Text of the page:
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Coronary artery bypass grafting in Takayasu’s disease – importance of the proximal anastomosis: a case report

  • Anne Kuijer1,
  • Matthijs F. M. van Oosterhout2,
  • Geoffrey T. L. Kloppenburg3Email author and
  • Wim J. Morshuis3
Journal of Medical Case Reports20159:283

https://doi.org/10.1186/s13256-015-0767-5

Received: 10 March 2015

Accepted: 10 November 2015

Published: 15 December 2015

Abstract

Introduction

Treatment of coronary artery involvement in Takayasu’s arteritis is challenging. Coronary artery bypass grafting may be required. The use of saphenous vein grafts is recommended because of possible inflammatory involvement of the internal thoracic arteries. However, inserting the proximal anastomosis on inflamed aortic tissue may give rise to stenosis. Only a few cases of inserting a proximal anastomosis in patients with Takayasu’s arteritis have been reported in the literature. To date, no consensus has been reached on the best way to perform this procedure in patients with Takayasu’s arteritis.

Case presentation

We report a case of a 25-year-old white woman with Takayasu’s arteritis who had recurrent angina after two previous treatments had failed, due to left main stem stenosis. She was successfully treated by coronary artery bypass grafting using a Dacron patch to insert the proximal anastomosis.

Conclusions

We are the first to report an uncomplicated case in which a Dacron (Vascutek®, Renfrewshire) prosthetic patch was used to insert the proximal anastomosis on an inflamed aorta in a patient with Takayasu’s arteritis. The patch prevents contact between inflamed tissue and the graft, which we believe reduces the risk of graft failure. This case might inspire other thoracic surgeons in the challenging task of performing revascularization techniques in patients with an inflamed and fragile aorta.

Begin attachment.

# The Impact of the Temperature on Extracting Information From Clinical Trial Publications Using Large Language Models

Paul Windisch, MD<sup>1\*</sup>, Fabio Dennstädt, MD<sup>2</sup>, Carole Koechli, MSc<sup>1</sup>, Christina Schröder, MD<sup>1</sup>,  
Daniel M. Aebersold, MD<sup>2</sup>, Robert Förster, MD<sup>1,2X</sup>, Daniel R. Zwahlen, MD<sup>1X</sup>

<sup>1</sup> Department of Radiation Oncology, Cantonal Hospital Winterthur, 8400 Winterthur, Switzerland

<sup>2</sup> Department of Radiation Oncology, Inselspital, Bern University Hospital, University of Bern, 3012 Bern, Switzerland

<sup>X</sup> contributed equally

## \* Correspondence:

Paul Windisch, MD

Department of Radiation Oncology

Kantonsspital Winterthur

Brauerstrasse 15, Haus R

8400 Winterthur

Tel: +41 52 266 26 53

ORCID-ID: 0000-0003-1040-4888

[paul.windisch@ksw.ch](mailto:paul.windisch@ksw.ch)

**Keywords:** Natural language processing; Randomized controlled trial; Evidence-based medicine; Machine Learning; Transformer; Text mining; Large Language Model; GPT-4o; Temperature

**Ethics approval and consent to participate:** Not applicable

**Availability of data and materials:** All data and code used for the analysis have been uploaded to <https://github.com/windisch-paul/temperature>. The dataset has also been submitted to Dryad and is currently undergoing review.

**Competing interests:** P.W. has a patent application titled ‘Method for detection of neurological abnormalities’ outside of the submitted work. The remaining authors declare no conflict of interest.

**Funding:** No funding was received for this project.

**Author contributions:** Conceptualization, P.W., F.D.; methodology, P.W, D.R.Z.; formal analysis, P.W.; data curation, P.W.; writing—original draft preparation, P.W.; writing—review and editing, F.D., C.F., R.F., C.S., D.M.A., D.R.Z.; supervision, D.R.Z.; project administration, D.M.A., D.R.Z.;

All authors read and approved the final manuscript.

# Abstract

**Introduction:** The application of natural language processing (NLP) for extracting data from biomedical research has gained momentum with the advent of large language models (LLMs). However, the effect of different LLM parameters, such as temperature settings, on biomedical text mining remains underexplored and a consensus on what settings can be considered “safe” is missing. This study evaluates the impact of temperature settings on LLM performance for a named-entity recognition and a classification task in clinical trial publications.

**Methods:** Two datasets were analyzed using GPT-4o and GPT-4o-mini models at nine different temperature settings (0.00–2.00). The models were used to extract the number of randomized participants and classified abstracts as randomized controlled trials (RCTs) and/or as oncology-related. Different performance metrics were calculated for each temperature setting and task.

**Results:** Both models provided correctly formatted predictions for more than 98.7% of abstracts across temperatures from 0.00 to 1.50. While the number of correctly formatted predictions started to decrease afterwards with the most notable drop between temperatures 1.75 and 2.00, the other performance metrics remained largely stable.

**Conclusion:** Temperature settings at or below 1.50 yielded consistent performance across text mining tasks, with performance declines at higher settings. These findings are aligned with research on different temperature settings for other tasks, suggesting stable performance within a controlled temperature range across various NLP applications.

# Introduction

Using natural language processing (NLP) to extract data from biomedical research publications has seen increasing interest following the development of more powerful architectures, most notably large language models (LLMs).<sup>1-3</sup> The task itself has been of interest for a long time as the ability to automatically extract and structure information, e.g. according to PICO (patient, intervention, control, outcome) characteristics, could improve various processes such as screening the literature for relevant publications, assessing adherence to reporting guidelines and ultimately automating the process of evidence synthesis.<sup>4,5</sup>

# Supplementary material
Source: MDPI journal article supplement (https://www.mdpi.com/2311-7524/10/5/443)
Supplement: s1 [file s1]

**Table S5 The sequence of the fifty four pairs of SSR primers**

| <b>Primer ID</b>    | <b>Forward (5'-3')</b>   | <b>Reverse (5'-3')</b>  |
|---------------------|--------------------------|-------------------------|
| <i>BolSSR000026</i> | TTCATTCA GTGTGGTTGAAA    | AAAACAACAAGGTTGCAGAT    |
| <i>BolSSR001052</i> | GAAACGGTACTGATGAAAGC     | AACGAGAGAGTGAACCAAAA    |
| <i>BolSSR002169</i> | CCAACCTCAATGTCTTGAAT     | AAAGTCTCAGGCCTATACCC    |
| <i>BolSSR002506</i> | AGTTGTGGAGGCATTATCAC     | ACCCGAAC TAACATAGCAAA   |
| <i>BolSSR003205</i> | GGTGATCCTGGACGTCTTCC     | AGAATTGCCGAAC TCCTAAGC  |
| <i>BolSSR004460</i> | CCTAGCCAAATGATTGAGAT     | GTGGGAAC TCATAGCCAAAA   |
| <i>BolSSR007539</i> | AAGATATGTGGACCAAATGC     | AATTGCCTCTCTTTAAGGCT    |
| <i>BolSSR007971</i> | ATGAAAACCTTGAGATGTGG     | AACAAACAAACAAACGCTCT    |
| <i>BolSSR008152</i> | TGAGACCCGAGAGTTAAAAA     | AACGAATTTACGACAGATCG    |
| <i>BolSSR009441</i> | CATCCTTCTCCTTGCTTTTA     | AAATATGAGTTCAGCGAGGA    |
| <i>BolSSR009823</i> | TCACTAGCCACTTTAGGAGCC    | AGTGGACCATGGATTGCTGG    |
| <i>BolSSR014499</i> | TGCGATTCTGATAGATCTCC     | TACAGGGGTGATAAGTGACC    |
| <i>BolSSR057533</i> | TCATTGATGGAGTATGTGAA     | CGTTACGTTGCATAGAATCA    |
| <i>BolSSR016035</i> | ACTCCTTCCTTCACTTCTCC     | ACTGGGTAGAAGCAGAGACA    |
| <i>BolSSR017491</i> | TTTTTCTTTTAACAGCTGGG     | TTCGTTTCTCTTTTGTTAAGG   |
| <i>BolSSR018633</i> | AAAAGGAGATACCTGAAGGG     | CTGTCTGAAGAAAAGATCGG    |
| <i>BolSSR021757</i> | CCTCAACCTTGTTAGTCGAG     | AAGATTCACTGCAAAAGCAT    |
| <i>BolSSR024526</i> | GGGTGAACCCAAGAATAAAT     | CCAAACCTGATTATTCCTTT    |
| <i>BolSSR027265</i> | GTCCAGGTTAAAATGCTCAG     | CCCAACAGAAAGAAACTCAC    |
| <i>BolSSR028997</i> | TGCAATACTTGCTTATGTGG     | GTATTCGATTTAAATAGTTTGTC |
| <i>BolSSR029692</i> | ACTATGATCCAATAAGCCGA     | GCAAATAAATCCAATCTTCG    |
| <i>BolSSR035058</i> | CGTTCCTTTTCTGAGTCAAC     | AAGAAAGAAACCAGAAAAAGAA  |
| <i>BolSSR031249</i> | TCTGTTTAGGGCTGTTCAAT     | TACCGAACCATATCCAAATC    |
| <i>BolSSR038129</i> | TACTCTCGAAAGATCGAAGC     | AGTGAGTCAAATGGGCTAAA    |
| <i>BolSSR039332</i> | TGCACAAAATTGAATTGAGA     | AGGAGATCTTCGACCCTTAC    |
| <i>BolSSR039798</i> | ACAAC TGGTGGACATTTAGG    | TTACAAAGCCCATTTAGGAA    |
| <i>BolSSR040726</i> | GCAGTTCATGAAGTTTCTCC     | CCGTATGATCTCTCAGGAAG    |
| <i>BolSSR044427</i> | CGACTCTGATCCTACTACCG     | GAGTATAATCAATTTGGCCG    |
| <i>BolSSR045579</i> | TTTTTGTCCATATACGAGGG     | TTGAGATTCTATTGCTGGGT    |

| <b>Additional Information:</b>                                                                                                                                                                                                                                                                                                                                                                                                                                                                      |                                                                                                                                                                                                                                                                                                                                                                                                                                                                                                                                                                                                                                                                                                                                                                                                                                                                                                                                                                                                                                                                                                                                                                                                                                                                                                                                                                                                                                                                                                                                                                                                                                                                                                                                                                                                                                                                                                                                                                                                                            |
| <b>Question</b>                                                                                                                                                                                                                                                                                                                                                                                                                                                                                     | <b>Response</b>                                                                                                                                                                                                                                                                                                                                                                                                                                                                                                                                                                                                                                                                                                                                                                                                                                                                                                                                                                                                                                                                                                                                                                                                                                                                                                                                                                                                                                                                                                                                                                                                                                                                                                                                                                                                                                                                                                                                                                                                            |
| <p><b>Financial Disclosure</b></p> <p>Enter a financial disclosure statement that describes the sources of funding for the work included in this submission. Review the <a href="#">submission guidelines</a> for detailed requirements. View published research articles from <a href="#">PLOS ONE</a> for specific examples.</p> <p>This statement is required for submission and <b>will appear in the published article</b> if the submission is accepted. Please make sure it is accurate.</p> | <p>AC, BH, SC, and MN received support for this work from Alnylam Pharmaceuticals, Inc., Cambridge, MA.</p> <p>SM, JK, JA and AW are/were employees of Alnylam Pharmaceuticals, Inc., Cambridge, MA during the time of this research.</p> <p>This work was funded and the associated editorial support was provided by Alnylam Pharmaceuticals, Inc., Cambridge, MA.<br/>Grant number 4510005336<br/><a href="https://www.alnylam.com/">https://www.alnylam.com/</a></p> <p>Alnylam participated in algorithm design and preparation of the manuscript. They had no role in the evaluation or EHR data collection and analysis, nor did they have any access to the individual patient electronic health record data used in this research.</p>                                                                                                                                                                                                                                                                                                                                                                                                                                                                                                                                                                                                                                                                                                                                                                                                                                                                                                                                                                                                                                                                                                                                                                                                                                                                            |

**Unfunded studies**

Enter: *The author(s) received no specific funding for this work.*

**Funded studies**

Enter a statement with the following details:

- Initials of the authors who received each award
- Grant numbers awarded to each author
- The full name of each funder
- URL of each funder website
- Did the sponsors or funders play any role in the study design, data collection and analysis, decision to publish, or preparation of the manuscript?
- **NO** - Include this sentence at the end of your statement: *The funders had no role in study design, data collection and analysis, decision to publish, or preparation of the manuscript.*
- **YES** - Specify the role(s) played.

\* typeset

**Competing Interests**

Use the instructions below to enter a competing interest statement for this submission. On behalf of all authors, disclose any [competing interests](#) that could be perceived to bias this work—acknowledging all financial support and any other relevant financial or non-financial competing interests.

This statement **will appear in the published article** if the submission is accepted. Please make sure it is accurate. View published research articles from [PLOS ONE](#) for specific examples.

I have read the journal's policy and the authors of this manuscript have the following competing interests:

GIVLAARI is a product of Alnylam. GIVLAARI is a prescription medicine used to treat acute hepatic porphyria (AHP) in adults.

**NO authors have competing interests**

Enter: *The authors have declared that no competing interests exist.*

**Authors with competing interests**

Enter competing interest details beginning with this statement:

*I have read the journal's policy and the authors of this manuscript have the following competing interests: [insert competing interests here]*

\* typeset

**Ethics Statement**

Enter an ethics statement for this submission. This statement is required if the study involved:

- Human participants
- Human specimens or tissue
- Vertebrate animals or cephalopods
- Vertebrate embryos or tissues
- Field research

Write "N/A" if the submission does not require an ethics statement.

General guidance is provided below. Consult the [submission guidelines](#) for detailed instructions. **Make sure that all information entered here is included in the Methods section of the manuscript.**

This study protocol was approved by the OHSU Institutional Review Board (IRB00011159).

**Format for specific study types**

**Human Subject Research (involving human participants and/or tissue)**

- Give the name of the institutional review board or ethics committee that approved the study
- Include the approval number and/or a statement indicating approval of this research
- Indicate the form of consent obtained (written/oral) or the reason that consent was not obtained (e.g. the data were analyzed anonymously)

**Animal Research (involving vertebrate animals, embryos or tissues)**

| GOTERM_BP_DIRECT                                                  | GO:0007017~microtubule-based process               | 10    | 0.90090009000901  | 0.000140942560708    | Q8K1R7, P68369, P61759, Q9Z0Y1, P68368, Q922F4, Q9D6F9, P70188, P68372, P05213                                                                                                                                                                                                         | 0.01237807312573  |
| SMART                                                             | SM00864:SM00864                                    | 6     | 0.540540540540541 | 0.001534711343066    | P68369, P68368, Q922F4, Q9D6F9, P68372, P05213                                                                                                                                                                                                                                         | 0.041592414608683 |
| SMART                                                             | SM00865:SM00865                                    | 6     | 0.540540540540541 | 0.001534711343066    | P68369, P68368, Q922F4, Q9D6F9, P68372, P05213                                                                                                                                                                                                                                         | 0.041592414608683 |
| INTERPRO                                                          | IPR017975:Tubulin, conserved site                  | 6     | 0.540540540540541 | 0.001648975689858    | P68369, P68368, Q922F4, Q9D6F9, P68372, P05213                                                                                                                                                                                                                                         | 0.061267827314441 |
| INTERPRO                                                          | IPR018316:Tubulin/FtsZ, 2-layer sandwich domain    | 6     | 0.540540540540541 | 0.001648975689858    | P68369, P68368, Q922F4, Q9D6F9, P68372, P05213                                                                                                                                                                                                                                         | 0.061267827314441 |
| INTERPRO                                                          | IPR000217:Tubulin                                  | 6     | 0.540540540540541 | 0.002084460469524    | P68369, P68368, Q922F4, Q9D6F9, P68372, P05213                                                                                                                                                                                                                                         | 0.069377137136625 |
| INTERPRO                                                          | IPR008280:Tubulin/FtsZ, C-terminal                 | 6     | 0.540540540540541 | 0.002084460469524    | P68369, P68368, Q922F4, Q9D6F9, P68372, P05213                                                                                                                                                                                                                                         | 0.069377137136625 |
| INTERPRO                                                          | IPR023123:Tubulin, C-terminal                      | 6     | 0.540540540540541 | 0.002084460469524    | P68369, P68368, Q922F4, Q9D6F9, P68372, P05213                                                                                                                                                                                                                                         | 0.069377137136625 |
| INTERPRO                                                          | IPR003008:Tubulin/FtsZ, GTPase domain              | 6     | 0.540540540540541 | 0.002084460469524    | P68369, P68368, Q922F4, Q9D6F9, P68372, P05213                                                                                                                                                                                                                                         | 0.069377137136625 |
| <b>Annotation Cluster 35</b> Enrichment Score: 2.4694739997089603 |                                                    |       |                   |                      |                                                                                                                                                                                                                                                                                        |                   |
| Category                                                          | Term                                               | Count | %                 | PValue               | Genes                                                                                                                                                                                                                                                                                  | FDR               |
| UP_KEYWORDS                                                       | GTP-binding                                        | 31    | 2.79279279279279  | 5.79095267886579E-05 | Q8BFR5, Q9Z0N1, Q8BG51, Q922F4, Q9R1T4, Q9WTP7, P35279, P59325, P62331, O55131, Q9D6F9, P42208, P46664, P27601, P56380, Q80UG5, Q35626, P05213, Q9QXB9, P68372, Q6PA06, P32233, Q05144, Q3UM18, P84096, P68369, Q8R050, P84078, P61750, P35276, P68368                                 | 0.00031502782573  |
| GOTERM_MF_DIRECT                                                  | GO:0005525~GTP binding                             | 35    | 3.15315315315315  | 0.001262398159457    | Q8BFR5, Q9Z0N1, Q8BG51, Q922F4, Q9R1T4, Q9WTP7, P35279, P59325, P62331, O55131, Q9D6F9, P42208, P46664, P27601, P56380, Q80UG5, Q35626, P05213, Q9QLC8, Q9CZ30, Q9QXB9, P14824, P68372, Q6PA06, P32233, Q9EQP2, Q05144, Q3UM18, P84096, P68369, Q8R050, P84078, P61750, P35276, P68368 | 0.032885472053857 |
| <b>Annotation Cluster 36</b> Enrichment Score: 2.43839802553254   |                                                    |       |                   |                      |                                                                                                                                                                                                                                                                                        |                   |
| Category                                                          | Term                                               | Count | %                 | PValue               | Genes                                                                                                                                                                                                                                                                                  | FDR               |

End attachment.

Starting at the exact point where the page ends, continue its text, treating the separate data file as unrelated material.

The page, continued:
Keywords

Coronary artery bypass graftCoronary artery diseaseProximal anastomosisTakayasu’s arteritisVenous grafts

Introduction

Takayasu’s arteritis (TA) is an idiopathic vasculitis which mainly affects the aorta and proximal parts of its major branches. TA mostly occurs in women in their second or third decade and has a worldwide distribution, although the disease seems to have a higher incidence in Southeast Asia, South Africa and Latin America [1]. In 10 to 30 % of cases of TA there is coronary involvement, with the left coronary ostia most frequently affected, sometimes requiring coronary artery bypass grafting (CABG) [2, 3]. Surgical treatment of coronary involvement in TA is challenging due to the necessity to manipulate fragile and inflamed aortic tissue [4]. The internal mammary arteries are often affected by the disease, which may render their use unsuitable in CABG. Therefore saphenous venous grafts (SVGs) are mostly used in CABG in patients with TA [2, 3]. Severely inflamed and calcified lesions of the ascending aorta, however, make the SVG anastomosis to the aorta rather precarious. This fragile proximal anastomosis leads to increased postoperative complications such as hemorrhage and high rates of early graft failure [2, 5].